Claude’s Body as the Space for Pain Endurance

By Svetlana Fenichel


"My Hands are my Heart" Gabriel Orozco

The psychological transformation undergone by Vyvyane Loh’s protagonist as a result of severe physical tortures by the Japanese invaders parallels the experience of Nayasha, the main character of Nervous Conditions. Both are colonial subject and use their bodies to process – as in Claude’s situation, or challenge – as did Nayasha, the reality of their lives obliterated through the colonial order. Repeating Nayasha’s experience of transformation the body into an alienated space, Claude is able to endure the pain of colonial reality as well as tolerate physical torture. He reaches the stage of self-questioning, a necessary step towards emotional liberation. The process of mind to body transformation has been described by Freud and ascribed to hysteria condition. Boeheme interpreters Freudian theory of body/mind “conversion” as following:

“According to Freud, a key symptom of hysteria is the tendency to take metaphor literally or anatomically, as described by or inscribed on the body. Putting it another way, the hysteric expresses her condition through converting “mind” to “body,” translating her fears and repressions into a language of body images <…>”. (268).

Claude grew to believe that his Chinese body was the only aspect of his identity that prevented him from getting totally Anglicized. He managed to learn English and avoid knowing the language of his ancestors; he adopted English lifestyle, manners and tastes; he made friends among Englishman. The only part of his identity he despised was his Chinese body that bluntly exposed his racial identity. During the cruel torture Claude comes to realization that all that he believed in – English rule, English language, English customs and traditions he so revered – all were vain. He was being tortured by the Japanese, while the British rulers he had faith in did nothing to help him. To cope psychologically with the startling revelation, Claude undergoes a hypnotic-like dissociation between the mind and the body triggered by torture.  His transformation into the alienated Body, provided the space for pain endurance, while allowing the mind to remain sane. The tortured body also became the text of mind that revealed to Claude the falsehood of his believes.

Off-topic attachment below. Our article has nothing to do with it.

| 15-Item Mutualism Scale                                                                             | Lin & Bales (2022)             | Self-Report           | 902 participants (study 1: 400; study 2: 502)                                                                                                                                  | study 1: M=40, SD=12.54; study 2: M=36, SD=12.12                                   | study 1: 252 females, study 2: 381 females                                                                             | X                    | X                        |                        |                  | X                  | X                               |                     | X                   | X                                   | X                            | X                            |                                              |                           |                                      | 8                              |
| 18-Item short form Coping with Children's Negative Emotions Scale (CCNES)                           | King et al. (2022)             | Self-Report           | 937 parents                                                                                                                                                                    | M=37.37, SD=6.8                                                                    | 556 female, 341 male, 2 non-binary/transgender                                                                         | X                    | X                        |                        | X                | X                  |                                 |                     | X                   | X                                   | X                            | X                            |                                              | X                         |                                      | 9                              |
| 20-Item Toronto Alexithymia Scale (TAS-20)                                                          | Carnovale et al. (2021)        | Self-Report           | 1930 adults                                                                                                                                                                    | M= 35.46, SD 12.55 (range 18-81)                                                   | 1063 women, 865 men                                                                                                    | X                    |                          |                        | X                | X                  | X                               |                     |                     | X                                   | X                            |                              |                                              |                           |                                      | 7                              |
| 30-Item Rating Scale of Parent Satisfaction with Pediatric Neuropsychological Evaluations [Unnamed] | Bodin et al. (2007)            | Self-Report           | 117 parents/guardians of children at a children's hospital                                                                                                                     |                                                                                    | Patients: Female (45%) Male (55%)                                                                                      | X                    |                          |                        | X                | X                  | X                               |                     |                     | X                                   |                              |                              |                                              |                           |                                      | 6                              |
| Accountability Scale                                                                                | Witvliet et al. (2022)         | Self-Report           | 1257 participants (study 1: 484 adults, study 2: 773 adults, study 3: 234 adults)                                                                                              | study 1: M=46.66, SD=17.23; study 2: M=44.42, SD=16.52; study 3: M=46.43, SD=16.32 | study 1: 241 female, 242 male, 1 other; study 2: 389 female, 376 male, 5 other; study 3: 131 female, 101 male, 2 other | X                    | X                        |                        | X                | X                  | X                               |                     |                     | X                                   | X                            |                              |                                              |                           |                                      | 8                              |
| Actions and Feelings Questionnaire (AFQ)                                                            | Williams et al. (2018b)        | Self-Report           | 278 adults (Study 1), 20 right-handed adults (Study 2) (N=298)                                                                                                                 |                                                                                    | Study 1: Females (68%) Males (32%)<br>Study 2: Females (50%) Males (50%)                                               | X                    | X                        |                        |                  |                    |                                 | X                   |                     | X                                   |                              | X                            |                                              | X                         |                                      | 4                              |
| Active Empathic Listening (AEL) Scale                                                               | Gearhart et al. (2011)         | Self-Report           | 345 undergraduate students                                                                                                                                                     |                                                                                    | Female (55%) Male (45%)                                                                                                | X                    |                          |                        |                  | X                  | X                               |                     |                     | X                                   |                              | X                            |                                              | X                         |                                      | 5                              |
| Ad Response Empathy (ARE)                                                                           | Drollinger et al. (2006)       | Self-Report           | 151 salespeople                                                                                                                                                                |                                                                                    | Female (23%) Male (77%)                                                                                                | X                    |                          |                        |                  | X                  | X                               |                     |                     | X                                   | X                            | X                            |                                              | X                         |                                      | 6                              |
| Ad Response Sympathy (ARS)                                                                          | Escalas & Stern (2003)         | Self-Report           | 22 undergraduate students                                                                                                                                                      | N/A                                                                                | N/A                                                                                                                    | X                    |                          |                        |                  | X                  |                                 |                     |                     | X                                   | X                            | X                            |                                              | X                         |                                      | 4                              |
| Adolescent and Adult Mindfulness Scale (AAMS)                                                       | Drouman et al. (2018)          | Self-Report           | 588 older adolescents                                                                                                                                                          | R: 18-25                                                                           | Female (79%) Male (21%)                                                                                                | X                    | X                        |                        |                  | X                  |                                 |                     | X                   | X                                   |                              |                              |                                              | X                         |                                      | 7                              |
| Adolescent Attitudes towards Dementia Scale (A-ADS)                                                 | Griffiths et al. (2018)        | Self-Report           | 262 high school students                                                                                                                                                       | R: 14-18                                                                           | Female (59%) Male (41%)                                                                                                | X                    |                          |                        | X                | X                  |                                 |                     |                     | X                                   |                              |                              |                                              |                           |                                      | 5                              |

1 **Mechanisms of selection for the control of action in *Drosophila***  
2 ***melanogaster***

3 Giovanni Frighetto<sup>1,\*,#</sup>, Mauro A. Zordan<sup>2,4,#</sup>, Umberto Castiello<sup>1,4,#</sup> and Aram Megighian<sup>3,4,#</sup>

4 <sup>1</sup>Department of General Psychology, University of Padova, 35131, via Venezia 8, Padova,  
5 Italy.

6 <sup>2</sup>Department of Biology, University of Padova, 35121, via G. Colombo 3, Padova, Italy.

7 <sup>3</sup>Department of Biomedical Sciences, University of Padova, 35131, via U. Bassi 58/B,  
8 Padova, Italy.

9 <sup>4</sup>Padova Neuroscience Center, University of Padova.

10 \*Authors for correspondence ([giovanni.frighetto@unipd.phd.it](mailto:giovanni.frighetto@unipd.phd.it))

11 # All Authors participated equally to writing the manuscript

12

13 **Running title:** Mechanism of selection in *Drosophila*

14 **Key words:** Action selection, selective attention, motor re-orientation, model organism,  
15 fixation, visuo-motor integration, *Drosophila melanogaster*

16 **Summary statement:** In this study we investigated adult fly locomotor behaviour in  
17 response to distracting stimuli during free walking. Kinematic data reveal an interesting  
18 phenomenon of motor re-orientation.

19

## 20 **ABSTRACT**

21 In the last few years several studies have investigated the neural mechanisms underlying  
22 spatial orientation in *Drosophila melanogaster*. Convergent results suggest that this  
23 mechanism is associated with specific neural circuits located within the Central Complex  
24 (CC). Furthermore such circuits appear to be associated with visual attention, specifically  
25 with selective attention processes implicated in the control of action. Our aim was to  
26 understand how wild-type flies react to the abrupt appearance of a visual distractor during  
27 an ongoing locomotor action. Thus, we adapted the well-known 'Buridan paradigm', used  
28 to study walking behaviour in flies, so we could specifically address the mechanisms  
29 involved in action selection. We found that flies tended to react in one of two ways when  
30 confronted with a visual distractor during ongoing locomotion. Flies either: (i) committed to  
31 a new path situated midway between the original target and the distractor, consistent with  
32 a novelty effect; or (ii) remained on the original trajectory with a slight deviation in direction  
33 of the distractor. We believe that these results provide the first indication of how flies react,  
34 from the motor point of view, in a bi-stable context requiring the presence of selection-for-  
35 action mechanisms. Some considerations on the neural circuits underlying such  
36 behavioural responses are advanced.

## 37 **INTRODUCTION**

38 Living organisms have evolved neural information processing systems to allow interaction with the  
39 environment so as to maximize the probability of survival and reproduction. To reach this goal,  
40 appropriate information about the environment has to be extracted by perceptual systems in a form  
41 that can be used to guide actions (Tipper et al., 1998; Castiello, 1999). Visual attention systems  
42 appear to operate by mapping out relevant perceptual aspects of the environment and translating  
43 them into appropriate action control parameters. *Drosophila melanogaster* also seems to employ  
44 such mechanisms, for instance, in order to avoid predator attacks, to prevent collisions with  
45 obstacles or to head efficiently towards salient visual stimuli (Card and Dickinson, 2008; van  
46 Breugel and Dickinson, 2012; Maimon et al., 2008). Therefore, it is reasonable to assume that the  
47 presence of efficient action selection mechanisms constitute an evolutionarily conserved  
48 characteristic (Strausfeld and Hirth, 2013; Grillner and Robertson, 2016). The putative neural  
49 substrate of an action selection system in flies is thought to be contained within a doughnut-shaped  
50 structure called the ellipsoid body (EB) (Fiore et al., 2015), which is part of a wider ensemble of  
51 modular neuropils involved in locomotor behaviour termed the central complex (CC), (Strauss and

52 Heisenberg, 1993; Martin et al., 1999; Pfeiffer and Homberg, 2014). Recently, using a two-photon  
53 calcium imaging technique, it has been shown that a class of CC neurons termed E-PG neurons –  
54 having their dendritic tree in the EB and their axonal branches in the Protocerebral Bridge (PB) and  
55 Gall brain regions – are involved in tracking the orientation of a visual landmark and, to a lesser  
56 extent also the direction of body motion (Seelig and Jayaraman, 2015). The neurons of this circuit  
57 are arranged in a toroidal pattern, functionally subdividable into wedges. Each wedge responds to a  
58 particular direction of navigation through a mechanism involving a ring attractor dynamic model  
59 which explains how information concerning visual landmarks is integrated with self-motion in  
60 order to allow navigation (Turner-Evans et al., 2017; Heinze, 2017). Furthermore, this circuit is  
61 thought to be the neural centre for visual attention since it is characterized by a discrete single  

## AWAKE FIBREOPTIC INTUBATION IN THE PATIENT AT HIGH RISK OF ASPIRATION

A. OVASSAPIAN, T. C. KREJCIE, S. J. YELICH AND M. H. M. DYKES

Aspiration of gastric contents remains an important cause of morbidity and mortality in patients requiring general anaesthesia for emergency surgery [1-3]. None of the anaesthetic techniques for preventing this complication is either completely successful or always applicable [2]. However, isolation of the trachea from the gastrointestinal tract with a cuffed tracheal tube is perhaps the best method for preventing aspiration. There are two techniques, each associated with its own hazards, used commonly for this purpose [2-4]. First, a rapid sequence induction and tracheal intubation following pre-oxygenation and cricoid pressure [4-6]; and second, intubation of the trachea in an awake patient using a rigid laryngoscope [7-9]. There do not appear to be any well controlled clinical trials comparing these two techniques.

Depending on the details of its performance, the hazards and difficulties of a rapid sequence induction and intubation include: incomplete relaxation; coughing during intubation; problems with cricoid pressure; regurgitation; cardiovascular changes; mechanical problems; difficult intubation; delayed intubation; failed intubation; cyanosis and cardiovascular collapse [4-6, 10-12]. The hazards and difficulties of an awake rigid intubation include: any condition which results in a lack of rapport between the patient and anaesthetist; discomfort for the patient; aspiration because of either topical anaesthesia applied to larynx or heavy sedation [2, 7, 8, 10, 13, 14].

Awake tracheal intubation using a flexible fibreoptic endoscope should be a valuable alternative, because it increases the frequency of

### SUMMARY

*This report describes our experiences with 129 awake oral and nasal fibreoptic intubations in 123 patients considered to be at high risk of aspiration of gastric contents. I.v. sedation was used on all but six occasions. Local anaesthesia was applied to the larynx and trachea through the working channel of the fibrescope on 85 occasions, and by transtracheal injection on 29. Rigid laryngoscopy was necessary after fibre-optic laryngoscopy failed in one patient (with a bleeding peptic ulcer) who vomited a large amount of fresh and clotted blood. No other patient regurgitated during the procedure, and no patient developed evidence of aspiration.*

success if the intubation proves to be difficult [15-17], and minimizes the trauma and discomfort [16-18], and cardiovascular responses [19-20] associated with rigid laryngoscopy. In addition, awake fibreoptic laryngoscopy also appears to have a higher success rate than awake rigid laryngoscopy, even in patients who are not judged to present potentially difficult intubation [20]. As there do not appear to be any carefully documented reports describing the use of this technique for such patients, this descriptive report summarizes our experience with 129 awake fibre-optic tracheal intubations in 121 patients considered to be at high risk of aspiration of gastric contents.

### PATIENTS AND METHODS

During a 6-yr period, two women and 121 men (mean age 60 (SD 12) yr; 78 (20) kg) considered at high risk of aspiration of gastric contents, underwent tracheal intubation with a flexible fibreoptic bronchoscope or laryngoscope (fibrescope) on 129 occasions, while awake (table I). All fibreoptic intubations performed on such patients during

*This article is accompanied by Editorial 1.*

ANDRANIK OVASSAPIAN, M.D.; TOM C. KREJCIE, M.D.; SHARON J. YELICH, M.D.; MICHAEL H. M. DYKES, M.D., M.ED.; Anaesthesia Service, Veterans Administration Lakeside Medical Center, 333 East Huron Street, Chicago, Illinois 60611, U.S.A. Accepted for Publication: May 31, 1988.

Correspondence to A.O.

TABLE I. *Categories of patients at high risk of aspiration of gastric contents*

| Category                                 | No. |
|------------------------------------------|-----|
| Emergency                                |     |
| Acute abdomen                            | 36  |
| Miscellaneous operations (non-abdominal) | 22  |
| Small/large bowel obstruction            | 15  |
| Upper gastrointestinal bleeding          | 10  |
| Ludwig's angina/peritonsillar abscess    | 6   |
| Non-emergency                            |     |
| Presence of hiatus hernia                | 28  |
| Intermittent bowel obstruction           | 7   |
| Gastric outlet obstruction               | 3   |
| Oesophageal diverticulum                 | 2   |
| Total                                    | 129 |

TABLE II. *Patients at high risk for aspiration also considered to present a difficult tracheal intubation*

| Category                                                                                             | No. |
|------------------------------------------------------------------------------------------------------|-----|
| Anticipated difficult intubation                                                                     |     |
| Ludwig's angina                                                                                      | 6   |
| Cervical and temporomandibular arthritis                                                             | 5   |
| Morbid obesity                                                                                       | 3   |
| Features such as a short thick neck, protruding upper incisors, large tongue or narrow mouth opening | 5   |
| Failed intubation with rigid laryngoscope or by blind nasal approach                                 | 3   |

Stephanie Athey points at the evident parallel between Claude’s torture at the hands of the Japanese and his peculiar upbringing in the Anglicized Eurasian home. According to Athey, Loh skillfully juxtaposes the two forms of influence, one of which uses physical body as its transformative tool, while the other is targeted at the psychological aspect of Claude’s identity. In the words of Athey, “Loh deftly connects and compares the painful techniques of Japanese imperial domination with those of British imperial power preceding it” (17). Due to the transformation that Claude undergoes, he comes to the astonishing realization that his body is, in fact, the only true part of his Chinese identity, whereas the mind has been brainwashed by the colonial order.



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